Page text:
Let’s diagnose the Republicans’ health care hypocrisy

    Nurses in the operating room at Hahnemann Hospital, in Philadelphia. (Elana Gordon/WHYY File Photo)

    Nurses in the operating room at Hahnemann Hospital, in Philadelphia. (Elana Gordon/WHYY File Photo)

    We don’t know whether the Republican crusade to kill affordable health care for millions of Americans will ultimately live or die, but one repugnant fact is indisputable: The GOP’s hypocrisy is too thick to cut with a chainsaw.

    When health care reform was on the agenda back in the summer of ’09, House Republicans whined that it was being “rammed through” and “rushed.” That was the party’s mantra. Paul Ryan, the alleged big brain of the conservative caucus, complained that “Congress is moving fast to rush through a health care overhaul.” He contended, “I don’t think we should pass bills that we don’t know what they cost.”

    Dave Camp, ranking Republican on the House Ways and Means committee, said the “rush” was outrageous: “We cannot afford to guess when it comes to health care. These are people’s lives we’re talking about.”

    Eight years later, that’s still the Republican mantra; as Ways and Means chair Kevin Brady claimed in March, Obamacare was “written in the dark of night and rushed through Congress.” Trump budget director Mick Mulvaney actually said that Obamacare passed the House in 2009 without a single public hearing.

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    Oh man. It’s always important to remind ourselves that the GOP’s penchant for self-delusion was fully evident long before Donald Trump came along.

    In truth (assuming that “truth” still has value), it took 15 months to pass Obamacare. And it wasn’t “written in the dark.” The House — via its Education and Labor, Energy and Commerce committee; and its Ways and Means committee — held at least 15 public hearings. The Senate — via its Health, Education, Labor and Pensions committee; and its Finance committee — held 13 public hearings. They’re all listed here, on pages 61-7. That doesn’t include the hundreds of roundtables that were conducted, at the White House and elsewhere, with doctors, insurance, and health policy experts. President Obama conducted a summit with congressional leaders that was televised.

    And the nonpartisan Congressional Budget Office “scored” the bill along the way, estimating how much Obamacare would likely cost and how many people it would likely cover. Its first report was released five months before lawmakers voted.

    Contrast that factual history with the farce that’s currently unfolding. The latest iteration of Trumpcare — which narrowly passed in the House today, hotly opposed by every health group from the American Medical Association to the March of Dimes — was fast-tracked by House Republicans over several weeks without a single public hearing.

    Nor has the Congressional Budget Office had a chance to score it for cost and coverage. A previous version of Trumpcare, which failed in March, was eviscerated by the CBO — 14 million Americans would’ve lost their insurance in 2018; 24 million by 2026 —but now the GOP thinks it’s fine to forge ahead without a CBO assessment. Mulvaney said of the CBO not long ago that “estimating the impact of a bill of this size probably isn’t the best use of their time.”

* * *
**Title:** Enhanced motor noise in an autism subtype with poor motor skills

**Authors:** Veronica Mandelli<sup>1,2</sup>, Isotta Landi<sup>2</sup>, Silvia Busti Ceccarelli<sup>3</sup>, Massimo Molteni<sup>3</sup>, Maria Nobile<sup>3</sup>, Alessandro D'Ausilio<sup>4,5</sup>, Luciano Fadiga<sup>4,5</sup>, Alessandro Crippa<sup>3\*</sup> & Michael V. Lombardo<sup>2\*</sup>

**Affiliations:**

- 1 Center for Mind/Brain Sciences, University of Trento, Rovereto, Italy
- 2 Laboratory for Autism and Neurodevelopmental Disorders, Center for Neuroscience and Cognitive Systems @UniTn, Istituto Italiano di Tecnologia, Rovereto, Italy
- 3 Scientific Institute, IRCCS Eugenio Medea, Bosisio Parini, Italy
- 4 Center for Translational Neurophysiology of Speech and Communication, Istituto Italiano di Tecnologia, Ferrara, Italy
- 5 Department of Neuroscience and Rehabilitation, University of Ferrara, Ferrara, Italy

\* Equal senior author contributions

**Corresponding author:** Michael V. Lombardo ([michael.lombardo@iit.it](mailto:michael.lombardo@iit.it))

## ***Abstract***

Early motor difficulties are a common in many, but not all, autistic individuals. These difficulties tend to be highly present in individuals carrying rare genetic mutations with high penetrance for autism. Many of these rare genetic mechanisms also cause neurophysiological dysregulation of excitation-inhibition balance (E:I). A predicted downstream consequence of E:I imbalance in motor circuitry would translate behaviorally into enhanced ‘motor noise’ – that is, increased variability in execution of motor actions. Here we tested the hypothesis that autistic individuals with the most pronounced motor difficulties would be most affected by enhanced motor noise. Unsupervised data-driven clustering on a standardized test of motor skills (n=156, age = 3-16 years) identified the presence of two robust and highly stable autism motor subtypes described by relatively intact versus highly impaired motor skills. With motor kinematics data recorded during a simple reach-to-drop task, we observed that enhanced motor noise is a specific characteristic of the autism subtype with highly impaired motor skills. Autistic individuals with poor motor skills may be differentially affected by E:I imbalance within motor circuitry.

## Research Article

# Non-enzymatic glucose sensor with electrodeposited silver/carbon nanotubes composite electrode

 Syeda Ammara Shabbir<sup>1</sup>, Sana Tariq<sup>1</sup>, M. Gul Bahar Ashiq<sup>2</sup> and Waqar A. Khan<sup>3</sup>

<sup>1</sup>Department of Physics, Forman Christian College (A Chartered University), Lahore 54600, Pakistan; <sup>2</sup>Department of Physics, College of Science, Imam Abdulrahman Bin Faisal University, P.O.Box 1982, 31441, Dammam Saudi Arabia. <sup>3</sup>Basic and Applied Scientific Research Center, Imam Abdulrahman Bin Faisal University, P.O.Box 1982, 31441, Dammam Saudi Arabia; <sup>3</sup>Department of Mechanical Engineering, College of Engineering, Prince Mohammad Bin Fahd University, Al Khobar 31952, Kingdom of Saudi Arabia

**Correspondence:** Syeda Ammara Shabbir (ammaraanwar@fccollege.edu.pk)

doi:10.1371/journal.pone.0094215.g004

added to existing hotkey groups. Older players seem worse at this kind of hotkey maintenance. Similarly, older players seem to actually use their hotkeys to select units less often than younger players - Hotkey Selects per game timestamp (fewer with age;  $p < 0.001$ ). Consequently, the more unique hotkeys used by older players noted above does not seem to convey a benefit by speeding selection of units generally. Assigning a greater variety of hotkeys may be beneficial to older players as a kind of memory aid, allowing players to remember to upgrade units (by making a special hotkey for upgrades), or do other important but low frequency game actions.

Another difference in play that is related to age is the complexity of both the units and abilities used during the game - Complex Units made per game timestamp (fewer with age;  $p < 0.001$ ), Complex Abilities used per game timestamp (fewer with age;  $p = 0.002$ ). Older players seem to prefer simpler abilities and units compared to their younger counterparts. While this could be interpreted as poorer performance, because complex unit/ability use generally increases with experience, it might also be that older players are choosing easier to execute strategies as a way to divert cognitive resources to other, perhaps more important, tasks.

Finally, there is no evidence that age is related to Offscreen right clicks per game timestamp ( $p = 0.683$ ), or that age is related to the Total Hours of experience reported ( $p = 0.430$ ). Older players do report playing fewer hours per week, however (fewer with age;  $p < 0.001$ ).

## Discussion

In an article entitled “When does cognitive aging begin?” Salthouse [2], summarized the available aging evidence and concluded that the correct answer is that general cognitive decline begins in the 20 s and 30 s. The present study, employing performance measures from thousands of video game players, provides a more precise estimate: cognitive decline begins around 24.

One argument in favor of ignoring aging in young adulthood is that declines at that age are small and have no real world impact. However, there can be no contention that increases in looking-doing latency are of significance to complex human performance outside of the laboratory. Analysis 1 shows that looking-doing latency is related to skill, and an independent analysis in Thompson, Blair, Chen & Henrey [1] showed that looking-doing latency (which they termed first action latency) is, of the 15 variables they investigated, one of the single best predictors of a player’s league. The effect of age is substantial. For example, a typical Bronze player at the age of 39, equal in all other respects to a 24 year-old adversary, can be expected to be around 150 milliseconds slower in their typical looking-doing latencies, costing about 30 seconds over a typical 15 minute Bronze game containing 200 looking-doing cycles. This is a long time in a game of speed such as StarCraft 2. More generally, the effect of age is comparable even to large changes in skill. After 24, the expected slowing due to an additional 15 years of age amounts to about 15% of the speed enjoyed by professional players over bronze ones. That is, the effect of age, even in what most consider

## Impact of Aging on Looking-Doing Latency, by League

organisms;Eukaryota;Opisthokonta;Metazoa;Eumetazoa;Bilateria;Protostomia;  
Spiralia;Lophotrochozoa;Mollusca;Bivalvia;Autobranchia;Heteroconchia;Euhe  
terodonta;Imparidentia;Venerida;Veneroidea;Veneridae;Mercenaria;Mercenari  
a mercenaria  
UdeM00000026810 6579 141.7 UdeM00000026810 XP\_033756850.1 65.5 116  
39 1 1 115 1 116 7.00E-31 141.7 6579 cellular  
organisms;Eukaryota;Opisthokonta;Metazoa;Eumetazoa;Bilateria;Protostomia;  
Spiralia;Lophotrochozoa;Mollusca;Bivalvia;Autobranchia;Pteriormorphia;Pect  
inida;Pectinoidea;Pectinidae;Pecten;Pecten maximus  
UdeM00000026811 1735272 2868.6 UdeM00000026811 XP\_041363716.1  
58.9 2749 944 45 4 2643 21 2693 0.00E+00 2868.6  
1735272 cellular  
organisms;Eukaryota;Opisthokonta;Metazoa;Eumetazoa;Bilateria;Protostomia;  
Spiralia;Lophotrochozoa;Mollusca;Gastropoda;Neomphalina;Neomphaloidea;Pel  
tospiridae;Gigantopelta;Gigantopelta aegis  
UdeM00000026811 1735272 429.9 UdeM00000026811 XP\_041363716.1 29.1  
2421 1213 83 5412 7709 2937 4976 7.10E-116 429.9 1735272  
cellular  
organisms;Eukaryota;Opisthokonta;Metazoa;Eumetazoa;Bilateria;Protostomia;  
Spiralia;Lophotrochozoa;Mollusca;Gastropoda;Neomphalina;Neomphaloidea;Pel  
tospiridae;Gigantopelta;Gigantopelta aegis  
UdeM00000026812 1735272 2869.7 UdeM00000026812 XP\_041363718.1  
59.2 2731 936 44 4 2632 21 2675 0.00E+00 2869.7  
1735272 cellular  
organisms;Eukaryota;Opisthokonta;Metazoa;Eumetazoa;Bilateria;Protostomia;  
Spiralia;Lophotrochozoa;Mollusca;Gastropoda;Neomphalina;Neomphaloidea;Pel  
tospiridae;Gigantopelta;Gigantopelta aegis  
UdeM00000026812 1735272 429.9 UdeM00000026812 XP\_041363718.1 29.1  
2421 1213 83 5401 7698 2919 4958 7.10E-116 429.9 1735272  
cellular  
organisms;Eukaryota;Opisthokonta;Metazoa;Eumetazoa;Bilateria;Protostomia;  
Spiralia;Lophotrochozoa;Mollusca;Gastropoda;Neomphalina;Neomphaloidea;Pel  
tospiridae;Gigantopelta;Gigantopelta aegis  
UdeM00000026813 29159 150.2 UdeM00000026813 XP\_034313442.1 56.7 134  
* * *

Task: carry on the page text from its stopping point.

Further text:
Gee. Whatever happened to the Republicans’ ’09 insistence that “we cannot afford to guess when it comes to health care”?

    They’re fine with guessing, now that they have the power to wreak havoc. Houe Republicans have rammed through a mystery version of Trumpcare — rushing the process, doing all the stuff they falsely accused the Democrats of doing in ’09 — without having a clue about its social or economic impact. They’re fine with guessing how many people could be helped or hurt (thrown off Medicaid, dumped by insurance firms in states that loosen protections for those with pre-existing health woes). They’re fine with guessing whether Trumpcare could narrow or widen the budget deficit.

    But here’s the bottom line: The Republicans are fine with being hypocrites. They view that as a small price to pay, because their main goal was to score a win for the poseur in the White House.

    A win is a win, even if it violates every previous promise. Trump vowed to give “terrific” health insurance to everyone, to protect Medicaid from budget cuts, yadda yadda. But he’ll take a win with a Paul Ryan plan that covers fewer people, slashes Medicaid, and exposes people with pre-existing conditions to big premium hikes. Add those items to the hypocrisy tally.

    Trump hadn’t notched a single legislative victory despite the Republicans’ Capitol Hill dominance, and even though House passage of Trumpcare guarantees nothing — the Senate will rewrite the bill and kick it back to the House, triggering more intramural Republican fights — he just wanted something to boast about. Hence the House’s rush to ram through something that will sate him, at least until he needs another fix.

    Alas, this is what happens when a minority of voters elect a president with a preexisting mental condition.

    Follow me on Twitter, @dickpolman1, and on Facebook

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